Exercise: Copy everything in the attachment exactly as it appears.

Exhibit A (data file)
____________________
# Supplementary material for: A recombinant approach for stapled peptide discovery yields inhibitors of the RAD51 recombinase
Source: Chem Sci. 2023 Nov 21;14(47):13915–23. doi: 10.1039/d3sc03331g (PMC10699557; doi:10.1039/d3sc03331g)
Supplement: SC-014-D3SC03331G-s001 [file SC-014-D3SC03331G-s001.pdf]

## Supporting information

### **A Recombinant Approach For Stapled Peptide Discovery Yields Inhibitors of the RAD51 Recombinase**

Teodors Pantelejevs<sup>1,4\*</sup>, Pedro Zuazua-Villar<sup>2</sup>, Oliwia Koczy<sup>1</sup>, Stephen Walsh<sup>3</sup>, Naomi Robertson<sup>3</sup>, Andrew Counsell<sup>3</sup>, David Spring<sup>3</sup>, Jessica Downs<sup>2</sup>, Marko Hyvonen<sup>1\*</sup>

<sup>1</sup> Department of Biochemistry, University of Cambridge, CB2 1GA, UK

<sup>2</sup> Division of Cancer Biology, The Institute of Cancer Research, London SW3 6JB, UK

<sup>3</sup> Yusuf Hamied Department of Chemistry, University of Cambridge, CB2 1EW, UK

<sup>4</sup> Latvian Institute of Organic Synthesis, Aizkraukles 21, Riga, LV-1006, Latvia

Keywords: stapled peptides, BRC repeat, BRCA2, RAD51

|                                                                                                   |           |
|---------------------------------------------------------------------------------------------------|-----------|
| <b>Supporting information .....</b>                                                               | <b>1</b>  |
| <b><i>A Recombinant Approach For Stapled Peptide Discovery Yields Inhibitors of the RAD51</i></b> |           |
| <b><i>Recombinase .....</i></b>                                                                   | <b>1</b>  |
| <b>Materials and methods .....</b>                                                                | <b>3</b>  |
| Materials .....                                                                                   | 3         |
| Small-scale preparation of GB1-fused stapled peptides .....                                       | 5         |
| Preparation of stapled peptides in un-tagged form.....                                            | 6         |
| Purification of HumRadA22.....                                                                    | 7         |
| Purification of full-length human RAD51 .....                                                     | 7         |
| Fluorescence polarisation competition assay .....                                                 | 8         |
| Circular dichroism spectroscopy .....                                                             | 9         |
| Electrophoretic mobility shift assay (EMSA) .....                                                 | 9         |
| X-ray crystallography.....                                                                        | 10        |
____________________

# Supplementary material for: A recombinant approach for stapled peptide discovery yields inhibitors of the RAD51 recombinase
Source: Chem Sci. 2023 Nov 21;14(47):13915–23. doi: 10.1039/d3sc03331g (PMC10699557; doi:10.1039/d3sc03331g)
Supplement: SC-014-D3SC03331G-s001 [file SC-014-D3SC03331G-s001.pdf]

## Supporting information

### **A Recombinant Approach For Stapled Peptide Discovery Yields Inhibitors of the RAD51 Recombinase**

Teodors Pantelejevs<sup>1,4\*</sup>, Pedro Zuazua-Villar<sup>2</sup>, Oliwia Koczy<sup>1</sup>, Stephen Walsh<sup>3</sup>, Naomi Robertson<sup>3</sup>, Andrew Counsell<sup>3</sup>, David Spring<sup>3</sup>, Jessica Downs<sup>2</sup>, Marko Hyvonen<sup>1\*</sup>

<sup>1</sup> Department of Biochemistry, University of Cambridge, CB2 1GA, UK

<sup>2</sup> Division of Cancer Biology, The Institute of Cancer Research, London SW3 6JB, UK

<sup>3</sup> Yusuf Hamied Department of Chemistry, University of Cambridge, CB2 1EW, UK

<sup>4</sup> Latvian Institute of Organic Synthesis, Aizkraukles 21, Riga, LV-1006, Latvia

Keywords: stapled peptides, BRC repeat, BRCA2, RAD51

|                                                                                                   |           |
|---------------------------------------------------------------------------------------------------|-----------|
| <b>Supporting information .....</b>                                                               | <b>1</b>  |
| <b><i>A Recombinant Approach For Stapled Peptide Discovery Yields Inhibitors of the RAD51</i></b> |           |
| <b><i>Recombinase .....</i></b>                                                                   | <b>1</b>  |
| <b>Materials and methods .....</b>                                                                | <b>3</b>  |
| Materials .....                                                                                   | 3         |
| Small-scale preparation of GB1-fused stapled peptides .....                                       | 5         |
| Preparation of stapled peptides in un-tagged form.....                                            | 6         |
| Purification of HumRadA22.....                                                                    | 7         |
| Purification of full-length human RAD51 .....                                                     | 7         |
| Fluorescence polarisation competition assay .....                                                 | 8         |
| Circular dichroism spectroscopy .....                                                             | 9         |
| Electrophoretic mobility shift assay (EMSA) .....                                                 | 9         |
| X-ray crystallography.....                                                                        | 10        |